4. parrothead says

    Consider the late African Grey parrot “Alex”. He was able to understand numbers, textures, colors, shapes, size comparisons, and even had an understanding of the “null” concept. (How many blue wool? None”) You can still find videos on YouTube of Alex and the work of Dr. Irene Pepperberg. Amazing stuff.

    My own African Grey, Gizmo, is quite chatty and will often throw out proper answers or reactions to questions asked or actions observed. Just picking up my keys will prompt an “I’ll be back”, and a bird offered “yes”, “no”, “alright”, etc. can be quite hilarious.

  5. rq says

    What your argument lacks in sophistication, it certainly makes up in well-saidedness.

  6. cartomancer says

    Aristotle eh?

    I wonder if Michael Eggnog realises that the Aristotelian theory of the rational, motive an vegetative souls also considered that only adult male humans had fully functional rational souls? In this model animals never developed rational souls, but children hadn’t deveoped theirs yet either and adult women had a rational soul in a naturally defective or latent state.

    I mean, I’d be willing to accept an invocation of Aristotle if Eggnog was a 13th century scholastic thinker working in that exciting time when Aristotle’s libri naturales were first available in Latin, but we have kind of had seven centuries of progress since then. Indeed, even our putative Friar Michaelis Egnorius would have been censored by his peers for too slavish a devotion to the Stagirite, when the general opinion of 13th century scholars was that Aristotle might have been a good start, but he was clearly wrong on a lot of things and needed expanding upon.

  7. Scientismist says

    “I didn’t come from no monkey” is a comment that denigrates the rest of nature in an attempt to make their own self more “special”.

    True story: My beloved Mom, when I explained my graduate research and its relation to evolutionary theory, commented “Well, maybe your ancestors were monkeys, but not mine.” She didn’t elaborate on what that might mean regarding my Dad, who just looked at me and smiled.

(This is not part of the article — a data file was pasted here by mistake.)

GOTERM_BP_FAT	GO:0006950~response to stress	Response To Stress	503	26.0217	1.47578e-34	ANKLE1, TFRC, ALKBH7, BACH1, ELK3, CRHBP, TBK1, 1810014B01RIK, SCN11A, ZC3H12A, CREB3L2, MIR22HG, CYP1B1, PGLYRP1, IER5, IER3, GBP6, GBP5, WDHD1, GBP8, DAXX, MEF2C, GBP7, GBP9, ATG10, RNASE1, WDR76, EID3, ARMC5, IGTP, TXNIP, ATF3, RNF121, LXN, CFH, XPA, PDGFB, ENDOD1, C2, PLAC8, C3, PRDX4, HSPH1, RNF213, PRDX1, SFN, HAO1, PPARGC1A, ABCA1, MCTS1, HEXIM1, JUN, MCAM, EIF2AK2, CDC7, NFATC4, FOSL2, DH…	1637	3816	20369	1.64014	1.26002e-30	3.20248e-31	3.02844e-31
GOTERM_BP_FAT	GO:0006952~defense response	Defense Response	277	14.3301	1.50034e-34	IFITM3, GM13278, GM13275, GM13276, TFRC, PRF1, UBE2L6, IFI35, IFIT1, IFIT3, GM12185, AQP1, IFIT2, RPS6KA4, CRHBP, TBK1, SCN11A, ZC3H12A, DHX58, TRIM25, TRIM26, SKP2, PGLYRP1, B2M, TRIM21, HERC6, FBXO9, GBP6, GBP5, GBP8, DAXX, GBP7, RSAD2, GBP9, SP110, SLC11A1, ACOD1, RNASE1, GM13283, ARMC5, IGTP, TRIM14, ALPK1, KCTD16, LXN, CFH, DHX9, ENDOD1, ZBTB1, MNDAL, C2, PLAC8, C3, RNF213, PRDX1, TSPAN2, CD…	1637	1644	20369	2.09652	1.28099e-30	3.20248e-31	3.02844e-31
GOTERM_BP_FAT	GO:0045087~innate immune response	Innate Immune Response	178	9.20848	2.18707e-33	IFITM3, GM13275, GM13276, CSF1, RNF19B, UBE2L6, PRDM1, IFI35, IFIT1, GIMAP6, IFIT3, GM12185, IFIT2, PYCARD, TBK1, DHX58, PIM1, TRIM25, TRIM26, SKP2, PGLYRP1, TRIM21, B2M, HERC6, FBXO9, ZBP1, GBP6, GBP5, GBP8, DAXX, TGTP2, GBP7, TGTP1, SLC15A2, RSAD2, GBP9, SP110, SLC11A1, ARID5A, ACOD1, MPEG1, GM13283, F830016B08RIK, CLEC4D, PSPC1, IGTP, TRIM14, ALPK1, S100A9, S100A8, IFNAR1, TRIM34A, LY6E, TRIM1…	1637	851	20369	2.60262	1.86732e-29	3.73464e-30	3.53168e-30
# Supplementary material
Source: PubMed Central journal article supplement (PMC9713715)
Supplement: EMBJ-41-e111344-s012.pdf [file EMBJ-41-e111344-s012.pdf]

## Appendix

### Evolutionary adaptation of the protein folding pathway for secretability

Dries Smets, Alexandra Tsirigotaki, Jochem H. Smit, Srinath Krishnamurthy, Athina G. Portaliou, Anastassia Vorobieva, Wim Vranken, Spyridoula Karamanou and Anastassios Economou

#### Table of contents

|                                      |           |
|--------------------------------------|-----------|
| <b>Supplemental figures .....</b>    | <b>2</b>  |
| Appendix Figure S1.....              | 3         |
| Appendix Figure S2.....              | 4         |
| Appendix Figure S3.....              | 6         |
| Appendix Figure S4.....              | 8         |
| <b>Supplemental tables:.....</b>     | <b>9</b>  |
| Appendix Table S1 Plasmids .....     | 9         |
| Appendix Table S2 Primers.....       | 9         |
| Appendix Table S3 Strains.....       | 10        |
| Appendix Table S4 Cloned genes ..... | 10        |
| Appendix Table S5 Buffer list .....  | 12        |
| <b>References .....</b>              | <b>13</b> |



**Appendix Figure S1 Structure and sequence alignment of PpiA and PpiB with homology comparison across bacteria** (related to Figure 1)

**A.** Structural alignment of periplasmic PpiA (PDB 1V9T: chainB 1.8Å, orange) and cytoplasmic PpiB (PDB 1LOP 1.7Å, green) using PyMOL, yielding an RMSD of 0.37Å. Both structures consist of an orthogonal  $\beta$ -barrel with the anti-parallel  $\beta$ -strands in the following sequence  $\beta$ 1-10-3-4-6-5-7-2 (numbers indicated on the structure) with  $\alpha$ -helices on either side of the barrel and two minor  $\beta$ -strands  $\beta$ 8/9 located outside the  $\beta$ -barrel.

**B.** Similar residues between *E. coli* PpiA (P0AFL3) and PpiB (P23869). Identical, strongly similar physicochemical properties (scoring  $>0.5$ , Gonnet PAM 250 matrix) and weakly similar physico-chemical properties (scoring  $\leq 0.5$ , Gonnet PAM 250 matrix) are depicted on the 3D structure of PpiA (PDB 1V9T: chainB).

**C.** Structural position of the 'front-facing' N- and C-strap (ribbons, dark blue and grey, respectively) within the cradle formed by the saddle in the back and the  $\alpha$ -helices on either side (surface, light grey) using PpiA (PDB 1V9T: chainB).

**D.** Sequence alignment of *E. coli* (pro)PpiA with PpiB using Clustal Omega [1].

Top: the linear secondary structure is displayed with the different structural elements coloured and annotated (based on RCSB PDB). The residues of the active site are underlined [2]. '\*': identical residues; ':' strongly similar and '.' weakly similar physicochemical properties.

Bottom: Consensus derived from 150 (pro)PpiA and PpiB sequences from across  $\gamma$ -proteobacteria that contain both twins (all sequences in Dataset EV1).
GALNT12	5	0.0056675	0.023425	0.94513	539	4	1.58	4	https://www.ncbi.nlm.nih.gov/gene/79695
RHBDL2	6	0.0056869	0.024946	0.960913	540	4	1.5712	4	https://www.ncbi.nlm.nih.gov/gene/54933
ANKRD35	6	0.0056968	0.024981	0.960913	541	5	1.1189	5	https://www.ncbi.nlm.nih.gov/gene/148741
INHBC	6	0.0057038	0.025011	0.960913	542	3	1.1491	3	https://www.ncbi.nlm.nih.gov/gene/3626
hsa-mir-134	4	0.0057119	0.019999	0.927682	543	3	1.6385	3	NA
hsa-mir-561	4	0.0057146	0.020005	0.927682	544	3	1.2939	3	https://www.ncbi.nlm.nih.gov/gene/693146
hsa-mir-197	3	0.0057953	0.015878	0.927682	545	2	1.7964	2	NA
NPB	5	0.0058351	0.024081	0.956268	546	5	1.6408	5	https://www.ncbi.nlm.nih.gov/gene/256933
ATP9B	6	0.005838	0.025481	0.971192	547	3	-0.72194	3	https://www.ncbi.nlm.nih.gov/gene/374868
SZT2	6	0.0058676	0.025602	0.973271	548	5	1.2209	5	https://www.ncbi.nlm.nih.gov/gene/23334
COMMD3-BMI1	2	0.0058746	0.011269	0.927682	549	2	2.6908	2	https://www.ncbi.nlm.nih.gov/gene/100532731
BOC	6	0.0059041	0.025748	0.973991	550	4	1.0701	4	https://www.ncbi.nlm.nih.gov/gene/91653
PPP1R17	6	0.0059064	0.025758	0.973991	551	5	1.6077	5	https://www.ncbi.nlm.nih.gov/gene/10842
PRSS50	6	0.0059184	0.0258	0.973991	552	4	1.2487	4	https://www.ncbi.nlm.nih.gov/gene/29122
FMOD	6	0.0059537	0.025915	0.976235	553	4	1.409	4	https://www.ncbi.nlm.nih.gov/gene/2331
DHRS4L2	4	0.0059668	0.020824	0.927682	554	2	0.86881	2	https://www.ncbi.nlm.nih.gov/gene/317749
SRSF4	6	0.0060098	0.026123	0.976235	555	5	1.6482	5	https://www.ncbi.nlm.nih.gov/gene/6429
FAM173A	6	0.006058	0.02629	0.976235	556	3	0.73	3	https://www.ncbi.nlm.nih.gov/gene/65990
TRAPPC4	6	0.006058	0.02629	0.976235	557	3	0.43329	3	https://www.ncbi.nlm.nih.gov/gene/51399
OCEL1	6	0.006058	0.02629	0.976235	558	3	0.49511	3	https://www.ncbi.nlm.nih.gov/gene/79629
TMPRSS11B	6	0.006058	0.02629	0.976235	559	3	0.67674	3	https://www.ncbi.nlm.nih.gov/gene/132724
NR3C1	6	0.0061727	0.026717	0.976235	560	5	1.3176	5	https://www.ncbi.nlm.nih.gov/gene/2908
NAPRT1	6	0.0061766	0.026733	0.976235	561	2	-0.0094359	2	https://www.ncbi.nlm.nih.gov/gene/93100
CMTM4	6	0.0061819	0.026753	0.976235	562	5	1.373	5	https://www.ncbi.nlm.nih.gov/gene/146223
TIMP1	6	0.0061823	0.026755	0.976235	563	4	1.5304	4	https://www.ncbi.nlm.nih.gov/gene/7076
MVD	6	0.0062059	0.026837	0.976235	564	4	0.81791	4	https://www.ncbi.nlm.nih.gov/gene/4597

8. Rob Grigjanis says

    You can tell the corvids are intelligent because they’re such arseholes (I like them anyway, which speaks volumes about me, I’m sure). And then there was the heron who got bits of bread thrown to him by tourists. He dropped the bread into the nearby pond, and waited for fish to approach. If the fish was too big for him, he took the bread out and waited until it left. Coupla fish from a chunk of bread – that’s thinkin outside the Egnor box.

  9. marcoli says

    Very good. And thank you for defending Owen. He might not have been a pleasant man, but he was encyclopedic in his knowledge of comparative zoology and he was flexible in his views, to a point. Not much different from most of us, I ‘spect.

  10. A Masked Avenger says

    …cats are stupid…

    My cat is mortally offended by doors. Doors keep cats out. And in. Both unacceptable. If a door is shut, regardless which side he’s on, he looks reproachful, goes and sits with his nose to it, and yells at us until he opens it. Once open, he does not pass through it. But that’s not all.

    When we leave a door ajar, he doesn’t just shimmy through the gap. He doesn’t just nudge the door with his shoulder. He stands on his hind legs, gives the door his hardest shove, and makes it BANG! against the wall. Then he pauses, and marches regally through. But that’s not all.

    He developed the theory that the doorknob was critical to solving this oppression against cats. When he wanted the door open, he would stand on his hind legs, put his paws as close to the handle as he could reach, and make like he was trying to open the door himself. But that’s not all.